Geo Spatial visualization allows displaying location of an object on a geo fence and takes user to the area where events are occurring. User can configure visualization to specify latitude, longitude, identifier etc. Customization of visualization by specifying different pins like arrows with different colors based on certain condition is also allowed.

Draft and Published Pipelines

Stream Analytics supports two lifecycle states, namely draft and published.

Draft Pipelines

Pipelines in the draft state possess the following characteristics:

  • Are visible only to the owner

  • Can be edited

  • Work only when the pipeline editor is open. When you exit catalog or close your browser, the draft pipeline will be removed from the Spark cluster.

  • Do not send events to a downstream target even if a target is configured

A newly created pipeline is in draft state. This is where you can explore your streams and implement the business logic. You do not have to do the implementation all at once; the pipeline will not run between your editing sessions.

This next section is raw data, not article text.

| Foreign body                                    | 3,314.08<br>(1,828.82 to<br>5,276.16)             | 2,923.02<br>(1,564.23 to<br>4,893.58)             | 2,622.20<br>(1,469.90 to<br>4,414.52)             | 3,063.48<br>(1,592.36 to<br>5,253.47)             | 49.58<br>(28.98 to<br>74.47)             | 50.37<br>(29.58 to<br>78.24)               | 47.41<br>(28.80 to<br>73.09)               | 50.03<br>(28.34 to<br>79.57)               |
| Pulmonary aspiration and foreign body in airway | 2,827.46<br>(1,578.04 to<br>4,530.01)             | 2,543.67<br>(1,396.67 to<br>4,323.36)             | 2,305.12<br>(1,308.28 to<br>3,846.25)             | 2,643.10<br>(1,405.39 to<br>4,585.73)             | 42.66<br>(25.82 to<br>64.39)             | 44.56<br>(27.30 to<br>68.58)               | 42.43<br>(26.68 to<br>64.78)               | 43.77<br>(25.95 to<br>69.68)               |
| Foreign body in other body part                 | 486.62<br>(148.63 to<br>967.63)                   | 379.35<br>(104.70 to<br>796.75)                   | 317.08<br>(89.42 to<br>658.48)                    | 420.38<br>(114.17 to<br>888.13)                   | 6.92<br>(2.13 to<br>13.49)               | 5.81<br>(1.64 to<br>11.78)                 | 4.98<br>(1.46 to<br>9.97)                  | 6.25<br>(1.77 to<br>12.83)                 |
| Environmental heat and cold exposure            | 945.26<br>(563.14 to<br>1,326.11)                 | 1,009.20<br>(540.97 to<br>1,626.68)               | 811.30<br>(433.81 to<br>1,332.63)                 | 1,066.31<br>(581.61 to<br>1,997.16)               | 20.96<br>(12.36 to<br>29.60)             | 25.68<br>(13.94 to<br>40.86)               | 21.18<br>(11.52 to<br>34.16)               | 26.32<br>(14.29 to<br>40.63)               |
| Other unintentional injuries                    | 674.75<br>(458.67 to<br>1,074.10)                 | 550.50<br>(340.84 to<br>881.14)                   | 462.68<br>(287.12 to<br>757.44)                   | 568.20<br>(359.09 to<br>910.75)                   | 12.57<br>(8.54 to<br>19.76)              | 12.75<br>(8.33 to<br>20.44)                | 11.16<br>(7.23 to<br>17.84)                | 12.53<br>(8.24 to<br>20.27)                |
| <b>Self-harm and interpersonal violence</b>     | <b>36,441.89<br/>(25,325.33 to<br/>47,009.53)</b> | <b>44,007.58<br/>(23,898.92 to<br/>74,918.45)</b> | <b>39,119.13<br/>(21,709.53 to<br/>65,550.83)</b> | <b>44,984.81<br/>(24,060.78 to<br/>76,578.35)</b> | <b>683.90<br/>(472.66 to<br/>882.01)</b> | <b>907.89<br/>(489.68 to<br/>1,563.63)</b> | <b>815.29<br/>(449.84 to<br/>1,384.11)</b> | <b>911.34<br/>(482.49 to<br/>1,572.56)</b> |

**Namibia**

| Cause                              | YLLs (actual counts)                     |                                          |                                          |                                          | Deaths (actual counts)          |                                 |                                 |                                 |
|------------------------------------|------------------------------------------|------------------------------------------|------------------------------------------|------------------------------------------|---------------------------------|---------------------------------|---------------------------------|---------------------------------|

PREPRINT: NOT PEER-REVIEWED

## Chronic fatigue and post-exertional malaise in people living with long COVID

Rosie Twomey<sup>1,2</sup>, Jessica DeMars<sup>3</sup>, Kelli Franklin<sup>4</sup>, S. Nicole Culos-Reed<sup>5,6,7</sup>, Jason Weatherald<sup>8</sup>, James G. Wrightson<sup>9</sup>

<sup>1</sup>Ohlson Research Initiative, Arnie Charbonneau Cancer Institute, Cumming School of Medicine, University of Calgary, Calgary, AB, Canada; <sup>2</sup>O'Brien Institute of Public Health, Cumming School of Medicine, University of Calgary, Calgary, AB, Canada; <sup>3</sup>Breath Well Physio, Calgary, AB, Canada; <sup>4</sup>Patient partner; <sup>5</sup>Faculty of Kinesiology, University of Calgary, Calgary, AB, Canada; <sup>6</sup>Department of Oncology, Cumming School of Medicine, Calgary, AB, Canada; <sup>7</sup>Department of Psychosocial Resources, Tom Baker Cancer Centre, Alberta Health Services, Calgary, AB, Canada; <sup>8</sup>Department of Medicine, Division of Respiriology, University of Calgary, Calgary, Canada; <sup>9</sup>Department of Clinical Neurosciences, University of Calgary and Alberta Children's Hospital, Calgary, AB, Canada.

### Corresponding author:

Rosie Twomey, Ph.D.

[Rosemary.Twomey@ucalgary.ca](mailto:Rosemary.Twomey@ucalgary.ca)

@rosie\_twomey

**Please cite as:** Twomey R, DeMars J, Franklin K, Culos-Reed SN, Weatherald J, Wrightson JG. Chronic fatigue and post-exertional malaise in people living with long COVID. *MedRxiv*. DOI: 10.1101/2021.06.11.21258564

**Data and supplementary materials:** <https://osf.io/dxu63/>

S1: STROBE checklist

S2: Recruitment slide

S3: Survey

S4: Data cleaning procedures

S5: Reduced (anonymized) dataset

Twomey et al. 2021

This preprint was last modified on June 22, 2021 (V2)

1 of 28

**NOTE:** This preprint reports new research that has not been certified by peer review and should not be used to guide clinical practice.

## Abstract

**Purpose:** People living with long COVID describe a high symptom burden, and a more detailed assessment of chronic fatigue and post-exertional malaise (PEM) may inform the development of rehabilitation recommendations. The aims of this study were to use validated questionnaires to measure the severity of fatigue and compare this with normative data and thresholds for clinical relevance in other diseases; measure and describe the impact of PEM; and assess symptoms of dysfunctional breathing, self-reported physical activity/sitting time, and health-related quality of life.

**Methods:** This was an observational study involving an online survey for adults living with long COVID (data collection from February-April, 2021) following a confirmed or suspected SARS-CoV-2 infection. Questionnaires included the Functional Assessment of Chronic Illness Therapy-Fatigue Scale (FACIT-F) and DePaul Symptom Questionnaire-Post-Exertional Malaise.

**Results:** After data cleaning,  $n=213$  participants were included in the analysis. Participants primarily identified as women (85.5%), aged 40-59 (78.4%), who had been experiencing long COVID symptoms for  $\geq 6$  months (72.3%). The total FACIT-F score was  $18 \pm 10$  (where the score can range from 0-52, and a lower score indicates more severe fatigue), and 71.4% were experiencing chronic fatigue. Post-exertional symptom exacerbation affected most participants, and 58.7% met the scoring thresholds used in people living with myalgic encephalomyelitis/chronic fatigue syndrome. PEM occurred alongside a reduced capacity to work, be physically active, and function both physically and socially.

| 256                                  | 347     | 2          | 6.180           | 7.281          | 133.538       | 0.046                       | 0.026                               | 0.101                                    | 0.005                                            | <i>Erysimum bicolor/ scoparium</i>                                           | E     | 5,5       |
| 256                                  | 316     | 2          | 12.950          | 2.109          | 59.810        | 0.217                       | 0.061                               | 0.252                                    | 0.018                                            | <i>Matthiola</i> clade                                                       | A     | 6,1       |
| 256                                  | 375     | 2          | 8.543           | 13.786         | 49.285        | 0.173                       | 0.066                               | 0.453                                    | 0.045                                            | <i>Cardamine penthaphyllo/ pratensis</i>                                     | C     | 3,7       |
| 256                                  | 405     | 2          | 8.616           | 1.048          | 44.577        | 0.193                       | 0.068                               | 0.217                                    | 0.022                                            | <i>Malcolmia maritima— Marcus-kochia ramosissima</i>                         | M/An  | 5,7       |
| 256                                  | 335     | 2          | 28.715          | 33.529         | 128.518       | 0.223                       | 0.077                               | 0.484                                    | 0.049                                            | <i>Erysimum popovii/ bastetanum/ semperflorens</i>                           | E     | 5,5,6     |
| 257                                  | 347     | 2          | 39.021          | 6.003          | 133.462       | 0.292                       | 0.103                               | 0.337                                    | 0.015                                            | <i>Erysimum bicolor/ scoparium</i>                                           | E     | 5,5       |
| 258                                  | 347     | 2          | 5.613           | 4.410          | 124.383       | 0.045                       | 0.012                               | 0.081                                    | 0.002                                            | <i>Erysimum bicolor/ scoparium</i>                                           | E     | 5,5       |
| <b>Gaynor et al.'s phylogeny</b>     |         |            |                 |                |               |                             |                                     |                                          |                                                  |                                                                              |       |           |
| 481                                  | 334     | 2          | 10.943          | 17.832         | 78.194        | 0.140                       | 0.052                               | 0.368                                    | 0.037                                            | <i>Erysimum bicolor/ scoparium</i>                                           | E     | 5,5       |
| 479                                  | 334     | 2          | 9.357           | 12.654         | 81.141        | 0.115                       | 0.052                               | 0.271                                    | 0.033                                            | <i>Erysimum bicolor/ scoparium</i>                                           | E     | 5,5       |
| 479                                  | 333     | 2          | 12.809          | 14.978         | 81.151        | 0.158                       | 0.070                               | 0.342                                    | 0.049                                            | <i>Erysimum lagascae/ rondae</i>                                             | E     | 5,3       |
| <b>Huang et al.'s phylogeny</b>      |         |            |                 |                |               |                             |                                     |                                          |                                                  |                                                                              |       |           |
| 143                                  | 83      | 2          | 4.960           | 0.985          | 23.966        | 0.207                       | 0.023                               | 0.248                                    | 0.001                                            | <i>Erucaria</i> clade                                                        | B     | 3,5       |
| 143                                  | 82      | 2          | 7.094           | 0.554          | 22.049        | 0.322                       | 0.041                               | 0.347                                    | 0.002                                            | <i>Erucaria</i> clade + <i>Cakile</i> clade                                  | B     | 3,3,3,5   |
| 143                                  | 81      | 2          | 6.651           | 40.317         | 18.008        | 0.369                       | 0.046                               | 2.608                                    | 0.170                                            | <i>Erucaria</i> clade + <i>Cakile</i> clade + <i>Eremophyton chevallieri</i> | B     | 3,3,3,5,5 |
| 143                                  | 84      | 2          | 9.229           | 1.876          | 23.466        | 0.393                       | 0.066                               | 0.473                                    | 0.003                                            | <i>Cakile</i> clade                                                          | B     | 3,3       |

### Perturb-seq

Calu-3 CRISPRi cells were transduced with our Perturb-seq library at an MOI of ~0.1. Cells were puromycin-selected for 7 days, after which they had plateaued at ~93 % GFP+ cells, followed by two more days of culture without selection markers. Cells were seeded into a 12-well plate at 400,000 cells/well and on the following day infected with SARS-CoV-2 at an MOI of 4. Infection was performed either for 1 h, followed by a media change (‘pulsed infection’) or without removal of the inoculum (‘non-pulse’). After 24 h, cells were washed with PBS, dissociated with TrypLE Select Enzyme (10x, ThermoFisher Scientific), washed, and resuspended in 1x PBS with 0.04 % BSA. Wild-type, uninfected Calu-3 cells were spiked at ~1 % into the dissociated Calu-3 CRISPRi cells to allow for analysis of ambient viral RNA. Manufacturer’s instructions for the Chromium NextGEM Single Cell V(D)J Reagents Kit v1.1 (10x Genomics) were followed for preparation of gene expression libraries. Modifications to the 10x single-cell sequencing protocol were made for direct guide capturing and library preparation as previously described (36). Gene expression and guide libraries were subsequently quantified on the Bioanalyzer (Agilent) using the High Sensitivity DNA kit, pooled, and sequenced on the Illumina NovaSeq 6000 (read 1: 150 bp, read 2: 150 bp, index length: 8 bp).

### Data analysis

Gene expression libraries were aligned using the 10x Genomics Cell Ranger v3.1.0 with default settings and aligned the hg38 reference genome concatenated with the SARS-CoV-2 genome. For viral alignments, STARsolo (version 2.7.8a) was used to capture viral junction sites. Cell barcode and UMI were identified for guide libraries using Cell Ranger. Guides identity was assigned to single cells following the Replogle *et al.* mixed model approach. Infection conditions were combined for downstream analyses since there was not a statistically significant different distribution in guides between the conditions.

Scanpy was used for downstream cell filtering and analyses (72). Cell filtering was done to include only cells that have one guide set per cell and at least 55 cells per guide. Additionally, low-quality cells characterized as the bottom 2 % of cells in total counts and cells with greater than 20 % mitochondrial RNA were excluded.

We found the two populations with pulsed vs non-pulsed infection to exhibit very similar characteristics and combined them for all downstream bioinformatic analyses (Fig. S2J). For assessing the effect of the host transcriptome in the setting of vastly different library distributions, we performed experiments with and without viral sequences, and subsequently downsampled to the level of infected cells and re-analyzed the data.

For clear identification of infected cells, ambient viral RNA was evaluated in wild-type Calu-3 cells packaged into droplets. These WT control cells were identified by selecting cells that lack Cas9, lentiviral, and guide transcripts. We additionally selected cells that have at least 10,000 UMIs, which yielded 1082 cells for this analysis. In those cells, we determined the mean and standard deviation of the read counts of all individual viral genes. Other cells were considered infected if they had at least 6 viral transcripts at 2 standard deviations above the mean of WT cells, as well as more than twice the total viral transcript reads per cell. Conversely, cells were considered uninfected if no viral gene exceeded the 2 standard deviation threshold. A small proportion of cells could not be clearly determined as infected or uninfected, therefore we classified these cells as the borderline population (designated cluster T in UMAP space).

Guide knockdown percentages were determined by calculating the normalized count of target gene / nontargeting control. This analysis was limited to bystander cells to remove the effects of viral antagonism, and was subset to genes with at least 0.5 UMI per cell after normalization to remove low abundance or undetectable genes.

Published pipelines

Pipelines in the published state possess the following characteristics:

  • Are visible to any user

  • Cannot be edited

  • Will continue to run in the Spark cluster even after you exit the pipeline

  • Send events to a downstream target

After you are done with the implementation and satisfied, you can add a target and publish your pipeline. The published pipeline runs continually on the Spark Cluster.

If you want to edit a published pipeline, you must unpublish it first.

Oracle GoldenGate Integration

Oracle GoldenGate is a comprehensive software package for real-time data integration and replication in heterogeneous IT environments. The product set enables high availability solutions, real-time data integration, transactional change data capture, data replication, transformations, and verification between operational and analytical enterprise systems.